Despite all of the above, in the interest of extreme conservatism, Unchained nonetheless designed its IRA to fall outside of the scope of IRAs which the McNulty opinion sought to prohibit. An Unchained IRA is intended to be even more conservative than a legacy financial system IRA when it comes to the factors analyzed by the court in McNulty.

An Unchained IRA is not a checkbook IRA

An Unchained IRA differs very substantially from a checkbook IRA.

In an Unchained IRA, the IRA custodian (Solera National Bank) holds legal title to the bitcoin directly; there is no intermediary trust or LLC entity involved as there would be in a checkbook IRA. As is standard in IRAs generally, and as is specified on all Unchained IRA account statements, the IRA custodian has legal title in “FBO” format, meaning that equitable title remains with the accountholder and as such all Unchained IRAs are fully protected against hypothetical creditor or other legal claims against the IRA custodian. Solera executes a special tri-party agreement with Unchained and each Unchained client by which it delegates private key responsibility to both the client himself (two private keys) and also Unchained (one private key). While Solera does not have access to private keys, it does have access to the related public keys and wallet configuration such that it is aware of all transactions.

Both Unchained and the client agree that in holding private keys they act as agents and conduits for Solera as the IRA custodian and contractually agree to use the keys they hold only upon filing of appropriate paperwork with the IRA custodian. In the words of the McNulty court, “an IRA owner may act as an agent or conduit of the underlying custodian…so long as she is not in constructive or actual receipt of the IRA assets.” The concept of “constructive receipt” is key. An Unchained IRA client would not want to have constructive receipt of the bitcoin in his IRA vault until such time he uses his keys to take legal title to the coins by taking an IRA distribution.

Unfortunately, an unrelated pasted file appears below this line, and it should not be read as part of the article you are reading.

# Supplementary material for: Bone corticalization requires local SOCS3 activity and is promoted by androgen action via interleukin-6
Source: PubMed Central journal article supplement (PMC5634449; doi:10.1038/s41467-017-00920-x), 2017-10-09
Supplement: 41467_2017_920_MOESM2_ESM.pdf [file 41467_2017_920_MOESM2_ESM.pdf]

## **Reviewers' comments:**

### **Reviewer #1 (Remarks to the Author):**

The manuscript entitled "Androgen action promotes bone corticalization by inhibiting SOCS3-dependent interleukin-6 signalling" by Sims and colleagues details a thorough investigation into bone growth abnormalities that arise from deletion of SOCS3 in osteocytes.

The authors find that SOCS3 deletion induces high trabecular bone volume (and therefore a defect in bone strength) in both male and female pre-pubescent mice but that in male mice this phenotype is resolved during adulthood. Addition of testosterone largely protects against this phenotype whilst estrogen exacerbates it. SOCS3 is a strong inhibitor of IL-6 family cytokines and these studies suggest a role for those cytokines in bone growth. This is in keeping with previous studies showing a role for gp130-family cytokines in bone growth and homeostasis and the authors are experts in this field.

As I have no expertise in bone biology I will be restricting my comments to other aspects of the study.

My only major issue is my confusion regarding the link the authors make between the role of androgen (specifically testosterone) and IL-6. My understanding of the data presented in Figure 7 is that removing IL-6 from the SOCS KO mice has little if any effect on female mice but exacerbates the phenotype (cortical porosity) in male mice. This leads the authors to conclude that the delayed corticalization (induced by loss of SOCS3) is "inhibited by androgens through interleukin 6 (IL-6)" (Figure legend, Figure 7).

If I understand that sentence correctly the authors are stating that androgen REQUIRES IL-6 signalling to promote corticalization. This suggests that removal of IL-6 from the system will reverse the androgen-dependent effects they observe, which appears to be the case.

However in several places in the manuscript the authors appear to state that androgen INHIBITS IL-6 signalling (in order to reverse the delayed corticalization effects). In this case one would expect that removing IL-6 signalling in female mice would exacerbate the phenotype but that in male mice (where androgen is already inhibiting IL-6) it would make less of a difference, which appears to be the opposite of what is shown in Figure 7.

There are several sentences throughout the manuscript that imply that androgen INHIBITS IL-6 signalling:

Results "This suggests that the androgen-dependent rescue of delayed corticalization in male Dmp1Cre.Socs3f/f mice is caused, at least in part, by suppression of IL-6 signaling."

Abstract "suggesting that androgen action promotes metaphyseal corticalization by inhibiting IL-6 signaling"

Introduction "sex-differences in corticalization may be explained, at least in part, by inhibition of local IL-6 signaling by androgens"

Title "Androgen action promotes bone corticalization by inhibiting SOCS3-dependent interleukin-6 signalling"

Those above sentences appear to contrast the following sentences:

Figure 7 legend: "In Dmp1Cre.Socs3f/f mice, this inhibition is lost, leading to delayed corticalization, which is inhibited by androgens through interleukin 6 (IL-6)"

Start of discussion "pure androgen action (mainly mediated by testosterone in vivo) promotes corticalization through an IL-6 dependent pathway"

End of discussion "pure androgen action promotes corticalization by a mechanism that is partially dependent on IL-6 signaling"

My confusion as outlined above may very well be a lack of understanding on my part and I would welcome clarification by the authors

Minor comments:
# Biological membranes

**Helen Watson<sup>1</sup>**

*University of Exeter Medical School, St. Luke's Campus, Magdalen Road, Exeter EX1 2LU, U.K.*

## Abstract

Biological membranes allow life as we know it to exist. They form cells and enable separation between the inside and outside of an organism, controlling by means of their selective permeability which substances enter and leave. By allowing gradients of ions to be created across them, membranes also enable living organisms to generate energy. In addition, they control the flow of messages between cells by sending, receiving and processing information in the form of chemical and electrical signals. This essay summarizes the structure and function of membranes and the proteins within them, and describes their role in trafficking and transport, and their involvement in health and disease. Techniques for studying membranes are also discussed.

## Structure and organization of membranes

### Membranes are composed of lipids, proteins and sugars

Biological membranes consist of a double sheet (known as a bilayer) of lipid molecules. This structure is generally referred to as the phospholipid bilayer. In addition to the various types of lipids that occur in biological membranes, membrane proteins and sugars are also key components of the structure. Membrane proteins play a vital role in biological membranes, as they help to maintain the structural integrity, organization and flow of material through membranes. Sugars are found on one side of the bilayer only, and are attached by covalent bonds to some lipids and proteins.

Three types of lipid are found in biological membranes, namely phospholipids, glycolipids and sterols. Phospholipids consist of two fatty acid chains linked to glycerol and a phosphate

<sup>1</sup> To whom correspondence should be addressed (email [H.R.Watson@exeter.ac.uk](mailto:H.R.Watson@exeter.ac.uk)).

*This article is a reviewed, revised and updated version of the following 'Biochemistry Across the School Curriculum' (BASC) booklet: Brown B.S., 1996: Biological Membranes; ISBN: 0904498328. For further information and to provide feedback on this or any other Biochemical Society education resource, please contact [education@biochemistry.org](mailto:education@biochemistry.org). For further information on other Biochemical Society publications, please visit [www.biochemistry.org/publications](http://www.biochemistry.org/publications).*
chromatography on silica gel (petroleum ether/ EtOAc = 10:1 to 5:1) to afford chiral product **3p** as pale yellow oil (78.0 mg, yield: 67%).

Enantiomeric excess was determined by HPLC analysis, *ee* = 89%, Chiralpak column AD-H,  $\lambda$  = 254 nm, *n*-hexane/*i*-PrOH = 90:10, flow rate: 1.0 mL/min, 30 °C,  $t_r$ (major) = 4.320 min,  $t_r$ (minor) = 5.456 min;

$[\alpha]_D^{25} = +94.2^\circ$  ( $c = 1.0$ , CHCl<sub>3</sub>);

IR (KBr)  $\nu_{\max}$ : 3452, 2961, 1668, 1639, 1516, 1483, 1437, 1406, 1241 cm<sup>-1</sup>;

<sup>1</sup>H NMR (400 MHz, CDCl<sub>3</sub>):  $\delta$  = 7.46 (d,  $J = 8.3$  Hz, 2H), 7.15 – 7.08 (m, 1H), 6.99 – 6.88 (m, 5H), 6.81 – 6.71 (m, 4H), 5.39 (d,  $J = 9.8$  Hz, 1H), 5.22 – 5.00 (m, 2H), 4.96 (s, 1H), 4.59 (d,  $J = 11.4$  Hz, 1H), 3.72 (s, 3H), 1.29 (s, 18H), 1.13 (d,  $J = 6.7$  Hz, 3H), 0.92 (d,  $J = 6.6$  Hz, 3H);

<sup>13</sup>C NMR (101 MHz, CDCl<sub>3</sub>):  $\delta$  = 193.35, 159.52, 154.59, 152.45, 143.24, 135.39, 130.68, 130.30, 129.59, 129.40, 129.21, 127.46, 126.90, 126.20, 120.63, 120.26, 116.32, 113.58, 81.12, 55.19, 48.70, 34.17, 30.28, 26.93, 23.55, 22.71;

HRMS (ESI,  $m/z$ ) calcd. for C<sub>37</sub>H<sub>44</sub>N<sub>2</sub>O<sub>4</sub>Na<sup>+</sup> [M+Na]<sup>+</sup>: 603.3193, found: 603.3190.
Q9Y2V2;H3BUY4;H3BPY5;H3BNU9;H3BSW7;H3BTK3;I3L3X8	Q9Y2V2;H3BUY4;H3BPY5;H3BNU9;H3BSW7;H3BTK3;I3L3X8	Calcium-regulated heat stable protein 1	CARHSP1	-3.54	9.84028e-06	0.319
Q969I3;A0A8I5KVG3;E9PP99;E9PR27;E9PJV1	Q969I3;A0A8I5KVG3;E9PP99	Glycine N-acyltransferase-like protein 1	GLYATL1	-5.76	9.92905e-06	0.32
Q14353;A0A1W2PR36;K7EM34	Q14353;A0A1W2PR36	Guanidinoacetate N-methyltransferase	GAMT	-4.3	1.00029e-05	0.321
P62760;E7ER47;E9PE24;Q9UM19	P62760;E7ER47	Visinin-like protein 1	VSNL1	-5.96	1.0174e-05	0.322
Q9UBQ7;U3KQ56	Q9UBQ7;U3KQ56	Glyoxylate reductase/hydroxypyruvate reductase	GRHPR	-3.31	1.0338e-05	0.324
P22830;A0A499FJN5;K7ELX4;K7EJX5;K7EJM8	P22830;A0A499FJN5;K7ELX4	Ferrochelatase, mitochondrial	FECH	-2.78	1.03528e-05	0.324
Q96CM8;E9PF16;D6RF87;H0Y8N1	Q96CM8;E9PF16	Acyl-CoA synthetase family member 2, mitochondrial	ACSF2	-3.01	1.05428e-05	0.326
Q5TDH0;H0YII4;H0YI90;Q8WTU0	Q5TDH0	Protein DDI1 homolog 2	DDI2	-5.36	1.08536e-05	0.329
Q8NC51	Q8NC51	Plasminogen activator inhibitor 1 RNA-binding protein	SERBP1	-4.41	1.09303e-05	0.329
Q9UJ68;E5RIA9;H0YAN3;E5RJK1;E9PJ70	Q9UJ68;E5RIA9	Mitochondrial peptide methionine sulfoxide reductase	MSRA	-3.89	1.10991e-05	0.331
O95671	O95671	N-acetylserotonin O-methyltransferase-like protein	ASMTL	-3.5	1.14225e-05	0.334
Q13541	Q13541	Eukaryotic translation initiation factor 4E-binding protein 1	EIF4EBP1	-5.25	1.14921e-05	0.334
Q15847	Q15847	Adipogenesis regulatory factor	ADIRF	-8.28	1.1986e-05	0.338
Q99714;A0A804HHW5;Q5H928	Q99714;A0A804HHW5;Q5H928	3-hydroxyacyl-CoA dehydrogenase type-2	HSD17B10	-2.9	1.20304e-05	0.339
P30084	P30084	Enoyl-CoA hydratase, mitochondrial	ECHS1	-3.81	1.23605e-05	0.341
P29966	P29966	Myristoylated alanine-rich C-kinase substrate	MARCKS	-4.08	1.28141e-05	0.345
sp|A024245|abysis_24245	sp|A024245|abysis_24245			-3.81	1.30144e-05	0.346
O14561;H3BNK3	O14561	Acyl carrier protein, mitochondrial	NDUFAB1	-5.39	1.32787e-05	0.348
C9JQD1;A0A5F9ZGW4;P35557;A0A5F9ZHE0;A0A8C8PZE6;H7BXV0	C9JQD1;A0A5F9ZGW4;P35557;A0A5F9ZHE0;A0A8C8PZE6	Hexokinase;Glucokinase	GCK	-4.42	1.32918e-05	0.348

Application of the doctrine of constructive receipt to IRAs is a novel idea, and it is difficult to determine what constructive receipt could even mean in the context of an IRA. When evaluating constructive receipt as a general tax law doctrine, a Taxpayer with the legal right to request an asset on demand is deemed to be in “constructive receipt” of that asset. That can not, however, be what the court meant by “constructive receipt” in the context of an IRA, as nearly all modern IRAs, including the most milquetoast and noncontroversial brokerage IRAs in the legacy financial system, allow the account holder to receive a distribution on demand. To choose one well-known example, Fidelity contractually guarantees to all of its IRA accountholders the right to request an IRA distribution on demand in section 11 of its IRA Custodial Agreement, and goes even further by issuing its IRA accountholders checkbooks which they can use to write checks from their IRA funds to any party, including themselves, at any time without notice to the IRA custodian. It cannot be the case that the McNulty court intended to invalidate Fidelity IRAs along with nearly all other brokerage IRAs currently in existence.